Food Preservatives - what you need to know as a healthy midlifer

Food Preservatives - what you need to know as a healthy midlifer


Many processed foods contain food preservatives because it extends their shelf life. If a product has a long shelf life then you can probably assume there are food preservatives in it.


For a midlifer, it’s worth knowing about food preservatives because some can affect gut bacteria which, as discussed before in this blog post, can affect how our hormones are processed. This in turn can have an effect on belly fat.


A food preservative is a substance added to foods to make them last longer; to "preserve" them. Preservatives are added to foods that go bad quickly and have found themselves in all kinds of products in our grocery stores.


Preservatives work to preserve food in a few different ways. Some prevent the growth of bacteria and mould. Others prevent delicate fats from going rancid.


There are so many preservatives out there. While preservatives added to foods should be “approved,” this doesn’t mean they’re guaranteed to be safe for everyone always. And it doesn’t mean that the food is healthy.


Foods with preservatives are more-processed, less-nutritious foods to begin with - not exactly health foods. So, even if you don’t mind preservatives, you probably should cut down on these kinds of foods, anyway.


So, let’s learn more about a few common food preservatives.



That’s right - salt.


FUN FACT: The term “salary” is from the Latin word for salt. It’s thought that it came from the ancient Romans who would pay employees, allowing them to buy salt. Either that, or it was for their work conquering and/or guarding salt mines/roads. Either way, salt was sought because of its ability to preserve food before the advent of refrigeration.


In today’s day and age, with fridges and freezers in every home and grocery store, and refrigerated trucks, salt is not needed for food preservation as much. But our taste buds still seem to crave it on an epic scale. The average Brit eats about 8g of salt per day, which is over the recommended limit of 6g/day (about a teaspoon). Much of that is because it’s added to so many foods already e.g. bread, soup and snacks. You can download a booklet on how to cut down on salt at the British Heart Foundation website.

According to Harvard Health:

"... reducing dietary salt (table salt that is only sodium, chloride and iodine) will lower blood pressure, reduce the risk of heart attack and stroke, and save lives."


So, salt is one of those all-too-common food preservatives that most of us will do better with less of.

Nitrites (nitrates and nitrosamines)

Nitrites are preservatives added to processed meats. They're not bad in and of themselves, but they do turn into harmful chemicals called nitrosamines. Nitrosamines are carcinogens found in cigarette smoke. Nitrites form nitrosamines when they're cooked at high heat, and sometimes even when exposed to the high acid environment of the stomach.


Nitrites are added to meats to keep the pink-red colour and prevent “browning.” Mostly in bacon, ham, sausages and lunch meats. Since nitrites can change into nitrosamines, nitrites are one-step away from being the “bad guys.”


Another interesting thing is that processed meats have been linked with colon cancer. Because of the nitrites? Perhaps, but either way, nitrosamines are a confirmed health-buster.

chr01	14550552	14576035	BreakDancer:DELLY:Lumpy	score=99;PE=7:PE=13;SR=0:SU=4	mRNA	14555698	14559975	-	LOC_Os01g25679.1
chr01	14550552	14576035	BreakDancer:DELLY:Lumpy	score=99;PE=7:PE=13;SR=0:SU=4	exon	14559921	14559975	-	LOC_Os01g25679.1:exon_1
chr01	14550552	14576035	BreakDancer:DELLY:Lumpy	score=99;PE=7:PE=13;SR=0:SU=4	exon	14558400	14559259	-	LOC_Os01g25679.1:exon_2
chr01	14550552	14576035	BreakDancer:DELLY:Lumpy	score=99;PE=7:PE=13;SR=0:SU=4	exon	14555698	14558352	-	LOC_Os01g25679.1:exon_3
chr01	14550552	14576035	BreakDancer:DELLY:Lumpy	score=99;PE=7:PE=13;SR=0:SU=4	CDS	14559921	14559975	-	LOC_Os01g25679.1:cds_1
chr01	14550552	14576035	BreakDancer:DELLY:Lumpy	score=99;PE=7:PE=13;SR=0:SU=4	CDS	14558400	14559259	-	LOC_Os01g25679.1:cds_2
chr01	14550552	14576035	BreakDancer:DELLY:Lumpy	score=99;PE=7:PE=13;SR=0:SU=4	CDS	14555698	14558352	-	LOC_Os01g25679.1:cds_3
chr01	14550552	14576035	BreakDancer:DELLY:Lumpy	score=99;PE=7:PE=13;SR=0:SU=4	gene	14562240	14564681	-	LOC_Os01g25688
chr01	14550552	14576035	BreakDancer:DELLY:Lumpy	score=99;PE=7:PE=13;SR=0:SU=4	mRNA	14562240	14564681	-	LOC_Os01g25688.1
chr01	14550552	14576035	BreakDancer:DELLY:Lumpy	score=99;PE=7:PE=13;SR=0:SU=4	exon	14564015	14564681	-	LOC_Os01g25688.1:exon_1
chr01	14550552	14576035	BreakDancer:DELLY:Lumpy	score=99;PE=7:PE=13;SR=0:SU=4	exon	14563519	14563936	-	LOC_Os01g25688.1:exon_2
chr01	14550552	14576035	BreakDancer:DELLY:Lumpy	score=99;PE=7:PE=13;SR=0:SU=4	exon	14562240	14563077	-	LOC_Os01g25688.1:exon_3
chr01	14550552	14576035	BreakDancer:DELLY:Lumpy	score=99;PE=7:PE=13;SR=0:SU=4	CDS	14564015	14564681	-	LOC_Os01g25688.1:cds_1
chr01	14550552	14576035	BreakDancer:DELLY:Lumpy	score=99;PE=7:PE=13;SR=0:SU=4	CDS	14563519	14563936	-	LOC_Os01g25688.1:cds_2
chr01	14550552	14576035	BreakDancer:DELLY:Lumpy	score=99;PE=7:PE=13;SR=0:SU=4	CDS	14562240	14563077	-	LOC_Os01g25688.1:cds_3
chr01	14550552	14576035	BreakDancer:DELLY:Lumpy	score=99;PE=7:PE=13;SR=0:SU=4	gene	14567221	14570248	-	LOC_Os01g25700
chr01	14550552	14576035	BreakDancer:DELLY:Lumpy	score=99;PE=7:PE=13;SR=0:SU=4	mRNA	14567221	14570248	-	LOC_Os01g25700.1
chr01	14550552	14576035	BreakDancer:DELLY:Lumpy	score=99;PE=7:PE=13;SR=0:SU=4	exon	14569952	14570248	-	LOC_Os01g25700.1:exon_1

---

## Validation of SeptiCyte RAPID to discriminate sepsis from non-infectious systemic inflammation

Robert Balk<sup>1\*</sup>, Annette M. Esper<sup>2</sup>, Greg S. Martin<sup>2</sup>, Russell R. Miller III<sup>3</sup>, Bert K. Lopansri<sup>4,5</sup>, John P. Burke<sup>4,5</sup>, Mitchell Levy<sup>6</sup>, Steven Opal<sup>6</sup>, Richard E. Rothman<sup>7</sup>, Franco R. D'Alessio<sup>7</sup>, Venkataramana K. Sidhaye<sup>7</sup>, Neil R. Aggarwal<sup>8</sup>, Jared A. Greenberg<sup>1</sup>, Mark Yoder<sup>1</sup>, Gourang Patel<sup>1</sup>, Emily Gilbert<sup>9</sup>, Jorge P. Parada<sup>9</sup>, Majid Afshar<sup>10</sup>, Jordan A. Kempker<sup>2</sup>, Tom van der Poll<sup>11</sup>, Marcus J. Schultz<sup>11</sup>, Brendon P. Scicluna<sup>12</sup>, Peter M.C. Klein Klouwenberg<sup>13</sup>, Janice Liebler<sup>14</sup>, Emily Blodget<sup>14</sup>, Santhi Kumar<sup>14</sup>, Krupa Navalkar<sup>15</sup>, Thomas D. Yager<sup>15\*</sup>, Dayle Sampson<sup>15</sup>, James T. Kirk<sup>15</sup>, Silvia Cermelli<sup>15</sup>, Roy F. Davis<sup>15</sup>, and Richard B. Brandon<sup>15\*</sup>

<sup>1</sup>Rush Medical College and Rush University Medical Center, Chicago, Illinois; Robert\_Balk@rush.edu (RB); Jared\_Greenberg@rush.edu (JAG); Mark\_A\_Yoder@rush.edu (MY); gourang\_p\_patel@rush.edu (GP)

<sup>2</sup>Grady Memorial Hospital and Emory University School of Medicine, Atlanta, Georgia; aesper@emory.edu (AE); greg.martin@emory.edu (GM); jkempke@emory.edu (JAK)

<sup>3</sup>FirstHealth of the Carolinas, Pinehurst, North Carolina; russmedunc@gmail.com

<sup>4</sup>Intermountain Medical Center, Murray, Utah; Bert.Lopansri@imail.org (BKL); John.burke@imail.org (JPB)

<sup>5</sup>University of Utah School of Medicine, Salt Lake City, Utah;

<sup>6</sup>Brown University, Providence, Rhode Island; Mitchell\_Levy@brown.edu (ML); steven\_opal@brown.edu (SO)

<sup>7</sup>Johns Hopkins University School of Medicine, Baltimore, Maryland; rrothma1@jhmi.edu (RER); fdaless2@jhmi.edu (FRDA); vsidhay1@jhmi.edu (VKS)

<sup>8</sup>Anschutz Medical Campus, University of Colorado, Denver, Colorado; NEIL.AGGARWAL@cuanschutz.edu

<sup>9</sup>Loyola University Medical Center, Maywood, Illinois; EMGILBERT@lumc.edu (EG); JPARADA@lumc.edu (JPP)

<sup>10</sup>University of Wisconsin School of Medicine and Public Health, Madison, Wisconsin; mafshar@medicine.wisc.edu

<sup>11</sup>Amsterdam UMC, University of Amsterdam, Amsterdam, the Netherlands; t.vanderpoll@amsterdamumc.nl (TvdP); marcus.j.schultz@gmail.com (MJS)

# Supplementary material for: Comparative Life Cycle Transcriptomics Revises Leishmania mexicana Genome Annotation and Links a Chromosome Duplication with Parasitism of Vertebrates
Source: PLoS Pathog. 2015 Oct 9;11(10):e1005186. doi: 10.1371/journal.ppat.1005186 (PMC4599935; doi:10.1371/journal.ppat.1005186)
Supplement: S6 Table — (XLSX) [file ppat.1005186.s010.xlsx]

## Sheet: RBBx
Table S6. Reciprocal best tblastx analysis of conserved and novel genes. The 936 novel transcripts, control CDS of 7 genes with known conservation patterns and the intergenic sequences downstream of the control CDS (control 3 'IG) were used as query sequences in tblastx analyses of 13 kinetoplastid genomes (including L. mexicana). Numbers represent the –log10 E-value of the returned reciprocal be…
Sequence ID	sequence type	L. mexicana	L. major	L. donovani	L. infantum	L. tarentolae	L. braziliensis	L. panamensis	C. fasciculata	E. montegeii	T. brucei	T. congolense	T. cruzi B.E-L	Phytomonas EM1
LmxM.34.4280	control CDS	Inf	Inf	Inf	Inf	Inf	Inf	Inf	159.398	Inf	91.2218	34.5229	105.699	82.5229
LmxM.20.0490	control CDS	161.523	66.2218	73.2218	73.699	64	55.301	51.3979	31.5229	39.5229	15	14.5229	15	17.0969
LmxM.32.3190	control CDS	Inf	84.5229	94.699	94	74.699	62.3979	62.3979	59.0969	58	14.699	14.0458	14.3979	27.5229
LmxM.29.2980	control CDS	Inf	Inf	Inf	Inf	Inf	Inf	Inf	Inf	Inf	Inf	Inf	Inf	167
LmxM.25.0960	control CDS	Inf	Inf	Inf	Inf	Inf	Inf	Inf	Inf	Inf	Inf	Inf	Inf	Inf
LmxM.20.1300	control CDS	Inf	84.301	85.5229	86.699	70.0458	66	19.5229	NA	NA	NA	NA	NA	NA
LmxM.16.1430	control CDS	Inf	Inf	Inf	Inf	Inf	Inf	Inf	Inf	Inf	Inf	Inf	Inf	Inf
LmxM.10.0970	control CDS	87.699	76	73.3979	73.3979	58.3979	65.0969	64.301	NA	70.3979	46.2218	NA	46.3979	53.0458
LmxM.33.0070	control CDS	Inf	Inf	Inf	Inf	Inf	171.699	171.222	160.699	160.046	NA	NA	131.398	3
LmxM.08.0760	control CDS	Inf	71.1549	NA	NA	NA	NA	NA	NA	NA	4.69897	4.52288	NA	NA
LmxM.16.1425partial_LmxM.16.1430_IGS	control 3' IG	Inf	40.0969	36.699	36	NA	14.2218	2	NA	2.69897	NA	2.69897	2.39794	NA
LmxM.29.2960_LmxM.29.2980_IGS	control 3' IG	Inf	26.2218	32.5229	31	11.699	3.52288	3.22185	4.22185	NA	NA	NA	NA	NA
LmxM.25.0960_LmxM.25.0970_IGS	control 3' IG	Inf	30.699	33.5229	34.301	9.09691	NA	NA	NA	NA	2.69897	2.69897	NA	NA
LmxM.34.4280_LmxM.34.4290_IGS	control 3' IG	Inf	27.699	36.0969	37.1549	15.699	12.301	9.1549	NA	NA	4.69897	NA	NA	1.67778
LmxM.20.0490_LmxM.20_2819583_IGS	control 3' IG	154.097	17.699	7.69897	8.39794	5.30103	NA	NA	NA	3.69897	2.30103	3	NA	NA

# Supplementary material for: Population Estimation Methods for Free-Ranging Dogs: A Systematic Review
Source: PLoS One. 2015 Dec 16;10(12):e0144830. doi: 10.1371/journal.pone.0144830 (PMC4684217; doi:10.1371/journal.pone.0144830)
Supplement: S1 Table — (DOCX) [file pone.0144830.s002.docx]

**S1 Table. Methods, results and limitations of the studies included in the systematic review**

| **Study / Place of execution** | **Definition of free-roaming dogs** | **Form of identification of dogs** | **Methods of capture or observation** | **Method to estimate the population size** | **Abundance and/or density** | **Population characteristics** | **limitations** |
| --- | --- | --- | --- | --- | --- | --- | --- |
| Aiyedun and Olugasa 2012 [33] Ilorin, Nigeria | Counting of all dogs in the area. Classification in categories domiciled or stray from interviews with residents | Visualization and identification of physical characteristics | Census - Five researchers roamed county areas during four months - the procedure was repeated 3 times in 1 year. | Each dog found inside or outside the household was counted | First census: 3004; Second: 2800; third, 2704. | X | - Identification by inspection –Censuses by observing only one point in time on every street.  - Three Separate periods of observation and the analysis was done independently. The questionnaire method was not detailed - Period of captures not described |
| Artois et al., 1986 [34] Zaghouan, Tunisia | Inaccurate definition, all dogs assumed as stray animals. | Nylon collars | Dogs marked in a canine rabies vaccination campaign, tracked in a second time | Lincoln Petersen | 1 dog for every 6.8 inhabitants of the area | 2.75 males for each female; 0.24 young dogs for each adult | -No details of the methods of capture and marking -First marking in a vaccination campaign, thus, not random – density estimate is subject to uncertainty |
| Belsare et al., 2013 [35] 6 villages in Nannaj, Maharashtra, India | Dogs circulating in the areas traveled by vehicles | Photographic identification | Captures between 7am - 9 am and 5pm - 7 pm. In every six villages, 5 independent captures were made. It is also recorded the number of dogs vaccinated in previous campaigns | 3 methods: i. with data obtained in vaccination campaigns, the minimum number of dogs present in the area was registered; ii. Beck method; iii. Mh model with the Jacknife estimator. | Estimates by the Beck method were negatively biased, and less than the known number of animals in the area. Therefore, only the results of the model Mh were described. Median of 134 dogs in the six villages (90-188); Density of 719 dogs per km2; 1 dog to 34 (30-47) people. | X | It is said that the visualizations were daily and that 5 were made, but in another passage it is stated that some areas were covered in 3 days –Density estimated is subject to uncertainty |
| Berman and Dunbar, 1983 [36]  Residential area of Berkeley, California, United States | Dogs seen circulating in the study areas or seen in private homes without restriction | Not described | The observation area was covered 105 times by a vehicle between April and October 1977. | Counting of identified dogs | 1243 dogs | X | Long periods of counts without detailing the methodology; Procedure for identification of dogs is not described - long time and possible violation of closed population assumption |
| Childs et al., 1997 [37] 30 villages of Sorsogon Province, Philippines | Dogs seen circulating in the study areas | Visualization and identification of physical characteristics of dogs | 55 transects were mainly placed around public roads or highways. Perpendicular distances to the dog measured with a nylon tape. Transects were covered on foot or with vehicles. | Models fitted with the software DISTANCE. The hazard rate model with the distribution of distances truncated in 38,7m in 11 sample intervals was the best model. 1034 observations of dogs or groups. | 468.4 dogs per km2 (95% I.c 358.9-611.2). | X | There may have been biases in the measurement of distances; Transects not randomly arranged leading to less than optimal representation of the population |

Since nitrosamines (from nitrites) are the bad guys and are formed by cooking nitrites at high heat, what are nitrates?


Nitrates are naturally found in many healthy foods like vegetables. They’re especially high in beets. Sometimes our enzymes or gut bacteria change these healthy nitrates into nitrites. However, they rarely form nitrosamines because they’re two-steps away from becoming these “bad guys.”


Have you seen on packages “BHA/BHT has been added to the package to help maintain freshness?” Perhaps on cereal packages, cereals or in gum? Guess how these compounds maintain freshness? Because they’re preservatives.

BHA (butylated hydroxyanisole) and BHT (butylated hydroxytoluene) are antioxidants added to many processed foods. The main way BHA and BHT work is by preventing fats from going rancid. Are they safe? Well, they're approved for use as a preservative at small doses. However, some studies show they can cause cancer in animals at high doses. Again, they're added to processed pre-packaged foods, so it's wise to avoid them nonetheless.

How to avoid food preservatives

  • You’ll need to read the food labels to identify any food preservatives. Some food preservatives are natural, such as salt and sugar, but most are chemicals.

  • Anything with a long shelf life will probably have food preservatives in it. Some foods with a shorter shelf life might also have chemical food preservatives e.g. washed salad leaves

  • Be aware that many ‘added vitamins’ are chemical versions.

  • Processed baked goods tend to have food preservatives plus sugar = belly fat

  • Don’t choose low fat products as they tend to have preservatives, sugar and additives to taste like the full fat version. We’re not designed to digest artificial ingredients plus it confuses the brain

  • If you want to avoid them. Eat fresh foods.


Does this information make you want to read all your food ingredient labels now? Let me know in the comments below.

Content Disclaimer

The information contained above is provided for information purposes only. The contents of this blog are not intended to amount to advice and you should not rely on any of the contents of this blog. Professional advice should be obtained before taking or refraining from taking any action as a result of the contents of this blog. Midlife Menu Ltd disclaims all liability and responsibility arising from any reliance placed on any of the contents of this blog.